Habitat for Humanity dedicates
new house in Brundidge
By JAINE TREADWELL
March 20, 2000 9 PM
Gil and Joann Sanders and their three daughters have always had a "home." Today, they have a house.
Thanks to the efforts of Troy-Pike Habitat for Humanity, the Sanders family slept in their own house last night – a night they had thought would only be a dream.
But, Sunday afternoon, the Sanders stood at the threshold of their new house and expressed appreciation to God for his hand in making their dream come true and to all of those who where the helping hands of Troy-Pike Habitat for Humanity.
Troy-Pike Habitat for Humanity dedicated its third home which is located on Caldwell Street in Brundidge and many of those who worked on the project were there to share the happy occasion with the Sanders family.
Five years ago, Gil and Joanne Sanders thought this day would never come.
When Joann Sanders had a stroke, she was out of work for a year. Hospital bills and others began to pile up and there was no way to pay them.
"We just kept getting farther and farther behind and didn’t see any way we could get ahead," Mrs. Sanders said. "We just didn’t know what to do or how to do."
A stroke of bad luck also hit the Sanders family.
"We were living in a big, old house but the furnace suddenly went out," Mrs. Sanders said. "There were a lot of other things wrong with the house that needed to be fixed real soon and our landlord said the house just wasn’t worth putting money into."
The Sanders family had to find somewhere else to live.
"We moved out near Needmore in a one-bedroom trailer with a little addition on it," Mrs. Sanders said. "It seemed like any hopes we had of owning a house were gone."
It’s just human nature to want a place of your own, Mrs. Sanders said, and even though they didn’t have much hope, they still dreamed.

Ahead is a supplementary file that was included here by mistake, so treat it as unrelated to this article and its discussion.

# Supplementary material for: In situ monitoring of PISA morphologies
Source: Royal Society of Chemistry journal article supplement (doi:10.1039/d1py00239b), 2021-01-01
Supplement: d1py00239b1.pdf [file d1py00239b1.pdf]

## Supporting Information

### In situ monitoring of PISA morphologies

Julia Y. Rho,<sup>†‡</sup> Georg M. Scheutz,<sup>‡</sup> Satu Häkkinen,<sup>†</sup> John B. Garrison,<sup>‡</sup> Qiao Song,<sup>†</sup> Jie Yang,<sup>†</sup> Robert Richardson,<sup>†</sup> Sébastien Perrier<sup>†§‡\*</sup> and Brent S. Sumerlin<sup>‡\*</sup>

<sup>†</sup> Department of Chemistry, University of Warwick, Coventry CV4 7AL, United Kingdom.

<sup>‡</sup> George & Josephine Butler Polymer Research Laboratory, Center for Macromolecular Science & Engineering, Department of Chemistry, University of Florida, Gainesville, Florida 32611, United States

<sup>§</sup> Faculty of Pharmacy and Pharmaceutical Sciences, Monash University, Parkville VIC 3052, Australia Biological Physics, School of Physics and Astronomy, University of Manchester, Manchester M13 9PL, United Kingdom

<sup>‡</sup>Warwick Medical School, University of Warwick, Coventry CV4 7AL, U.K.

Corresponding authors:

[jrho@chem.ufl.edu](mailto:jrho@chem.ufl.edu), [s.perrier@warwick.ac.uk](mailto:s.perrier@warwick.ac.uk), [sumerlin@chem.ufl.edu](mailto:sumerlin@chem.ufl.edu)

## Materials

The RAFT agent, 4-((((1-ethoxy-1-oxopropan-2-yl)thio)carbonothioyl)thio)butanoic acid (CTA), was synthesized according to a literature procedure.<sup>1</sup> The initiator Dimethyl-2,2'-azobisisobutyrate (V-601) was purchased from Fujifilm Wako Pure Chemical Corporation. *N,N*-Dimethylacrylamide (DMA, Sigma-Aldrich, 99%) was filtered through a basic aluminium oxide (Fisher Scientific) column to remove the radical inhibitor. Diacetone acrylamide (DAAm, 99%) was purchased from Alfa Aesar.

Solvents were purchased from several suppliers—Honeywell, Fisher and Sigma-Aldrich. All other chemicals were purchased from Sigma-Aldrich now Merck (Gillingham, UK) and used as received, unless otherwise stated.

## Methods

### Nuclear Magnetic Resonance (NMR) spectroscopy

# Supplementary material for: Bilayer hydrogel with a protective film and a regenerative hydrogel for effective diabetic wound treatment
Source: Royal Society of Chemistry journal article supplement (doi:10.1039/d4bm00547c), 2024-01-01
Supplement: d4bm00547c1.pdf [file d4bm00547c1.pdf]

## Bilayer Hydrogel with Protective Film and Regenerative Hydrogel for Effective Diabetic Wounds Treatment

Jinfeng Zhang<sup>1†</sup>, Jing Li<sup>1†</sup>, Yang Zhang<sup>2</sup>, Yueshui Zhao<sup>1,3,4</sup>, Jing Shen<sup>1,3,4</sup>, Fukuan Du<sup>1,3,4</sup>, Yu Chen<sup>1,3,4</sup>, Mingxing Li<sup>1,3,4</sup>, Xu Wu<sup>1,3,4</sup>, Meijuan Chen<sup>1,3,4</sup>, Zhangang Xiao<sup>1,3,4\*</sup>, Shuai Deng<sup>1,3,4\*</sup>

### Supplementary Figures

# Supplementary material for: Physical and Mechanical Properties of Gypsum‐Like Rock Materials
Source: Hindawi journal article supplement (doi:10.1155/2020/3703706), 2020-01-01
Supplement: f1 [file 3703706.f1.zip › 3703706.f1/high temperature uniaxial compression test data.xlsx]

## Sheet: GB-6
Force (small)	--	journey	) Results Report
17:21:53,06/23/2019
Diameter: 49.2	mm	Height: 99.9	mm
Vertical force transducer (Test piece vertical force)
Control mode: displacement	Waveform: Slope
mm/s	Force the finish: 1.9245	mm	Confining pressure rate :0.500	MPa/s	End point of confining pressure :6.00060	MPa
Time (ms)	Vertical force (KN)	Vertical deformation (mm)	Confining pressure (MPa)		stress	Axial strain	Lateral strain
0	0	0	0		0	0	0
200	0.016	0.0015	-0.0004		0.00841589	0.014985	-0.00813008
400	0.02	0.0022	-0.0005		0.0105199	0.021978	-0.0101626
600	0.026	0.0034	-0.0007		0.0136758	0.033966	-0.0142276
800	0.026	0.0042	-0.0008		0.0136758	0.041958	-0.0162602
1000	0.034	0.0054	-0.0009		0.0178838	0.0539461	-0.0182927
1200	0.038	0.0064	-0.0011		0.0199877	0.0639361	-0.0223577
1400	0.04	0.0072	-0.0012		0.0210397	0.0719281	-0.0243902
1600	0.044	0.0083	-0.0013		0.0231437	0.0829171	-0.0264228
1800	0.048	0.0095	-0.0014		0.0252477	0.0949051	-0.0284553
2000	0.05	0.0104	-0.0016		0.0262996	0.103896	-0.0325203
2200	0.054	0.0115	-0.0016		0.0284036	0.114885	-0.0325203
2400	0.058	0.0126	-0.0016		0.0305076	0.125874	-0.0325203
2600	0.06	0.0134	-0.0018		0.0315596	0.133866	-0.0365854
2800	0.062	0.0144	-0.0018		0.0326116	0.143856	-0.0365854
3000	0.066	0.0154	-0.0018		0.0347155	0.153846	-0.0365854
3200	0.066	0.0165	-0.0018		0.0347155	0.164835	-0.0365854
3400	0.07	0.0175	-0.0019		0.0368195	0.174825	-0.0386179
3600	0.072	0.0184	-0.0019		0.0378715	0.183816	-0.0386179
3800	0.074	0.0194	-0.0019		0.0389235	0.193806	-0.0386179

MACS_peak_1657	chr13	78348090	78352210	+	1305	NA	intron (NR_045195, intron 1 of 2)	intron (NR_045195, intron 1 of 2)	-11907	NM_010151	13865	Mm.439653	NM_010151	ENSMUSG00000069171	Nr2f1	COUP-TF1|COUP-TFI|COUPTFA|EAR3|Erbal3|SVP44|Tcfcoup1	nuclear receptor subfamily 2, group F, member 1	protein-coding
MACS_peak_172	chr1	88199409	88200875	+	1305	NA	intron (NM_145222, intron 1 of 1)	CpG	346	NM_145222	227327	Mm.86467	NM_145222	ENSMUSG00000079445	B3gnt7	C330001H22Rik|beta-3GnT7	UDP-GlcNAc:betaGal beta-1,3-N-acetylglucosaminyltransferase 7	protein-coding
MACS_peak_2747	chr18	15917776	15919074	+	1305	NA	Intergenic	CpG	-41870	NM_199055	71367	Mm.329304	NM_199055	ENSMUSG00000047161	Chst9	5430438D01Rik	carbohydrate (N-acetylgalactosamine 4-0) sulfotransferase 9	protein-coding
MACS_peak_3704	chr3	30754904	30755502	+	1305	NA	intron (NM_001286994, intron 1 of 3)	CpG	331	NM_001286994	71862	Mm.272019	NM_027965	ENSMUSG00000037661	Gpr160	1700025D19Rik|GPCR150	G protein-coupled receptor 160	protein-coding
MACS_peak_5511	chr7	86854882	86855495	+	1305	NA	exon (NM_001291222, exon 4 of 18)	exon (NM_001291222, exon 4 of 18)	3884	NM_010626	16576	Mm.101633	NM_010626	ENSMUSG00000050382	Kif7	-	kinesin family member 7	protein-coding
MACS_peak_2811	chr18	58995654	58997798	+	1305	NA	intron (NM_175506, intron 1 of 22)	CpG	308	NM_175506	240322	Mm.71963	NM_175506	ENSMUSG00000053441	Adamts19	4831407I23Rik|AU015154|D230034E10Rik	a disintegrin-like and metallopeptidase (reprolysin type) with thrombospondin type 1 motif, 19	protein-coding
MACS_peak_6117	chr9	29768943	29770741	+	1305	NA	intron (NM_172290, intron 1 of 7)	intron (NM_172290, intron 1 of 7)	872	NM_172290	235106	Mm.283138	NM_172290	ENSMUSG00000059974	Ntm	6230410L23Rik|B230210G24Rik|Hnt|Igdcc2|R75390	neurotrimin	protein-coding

Then, they heard about the Habitat for Humanity program which offers hope for people who are hard working, dependable and deserving but, for some reason, have gotten down and are having a difficult time getting back on their feet.
"All we wanted was a chance," Sanders said. "We both work and we just wanted a chance to buy a house – just a chance."
Families are selected for Habitat based on their level of need, their willingness to become partners in the program and their ability to repay the no-interest loan.
The Sanders family was selected by Troy-Pike Habitat for Humanity for ownership of their third home which was to be built in Brundidge.
"It was a God-send for us," Mrs. Sanders said. "I never thought we would have a house of our own. It was just a dream come true. We know we are really blessed to have this opportunity and we thank God because we know his hand guided this and we thank the many wonderful people who worked to make this dream come true for use. We will always be grateful."
Whitey Whitman, chairman of the Habitat building committee, said each Habitat family is required to put sweat equity into the program – on their house and on another.
"Gil and Joann put in 177 hours on another house and 376 on their own," Whitman said. "And, they will be there when we are building a house for another family. That’s just the kind of family they are."
Troy-Pike Habitat for Humanity was chartered in 1994 as a nonprofit, ecumenical Christian housing ministry. Habitat for Humanity International has built more than 85,000 house around the world, providing almost a half million people with safe, decent, affordable shelter.
According to Troy-Pike Habitat for Humanity President Joel Williams, the three homes built in Pike County have cost about $40,000 each. The homes have been sold to partner families at no profit and financed with affordable, no-interest loans. In addition to a down payment and the monthly mortgage payments, Habitat homeowners invest hundreds of hours of their own labor into building their Habitat house and the houses of others.
For more information about Troy-Pike Habitat for Humanity call 566-8484.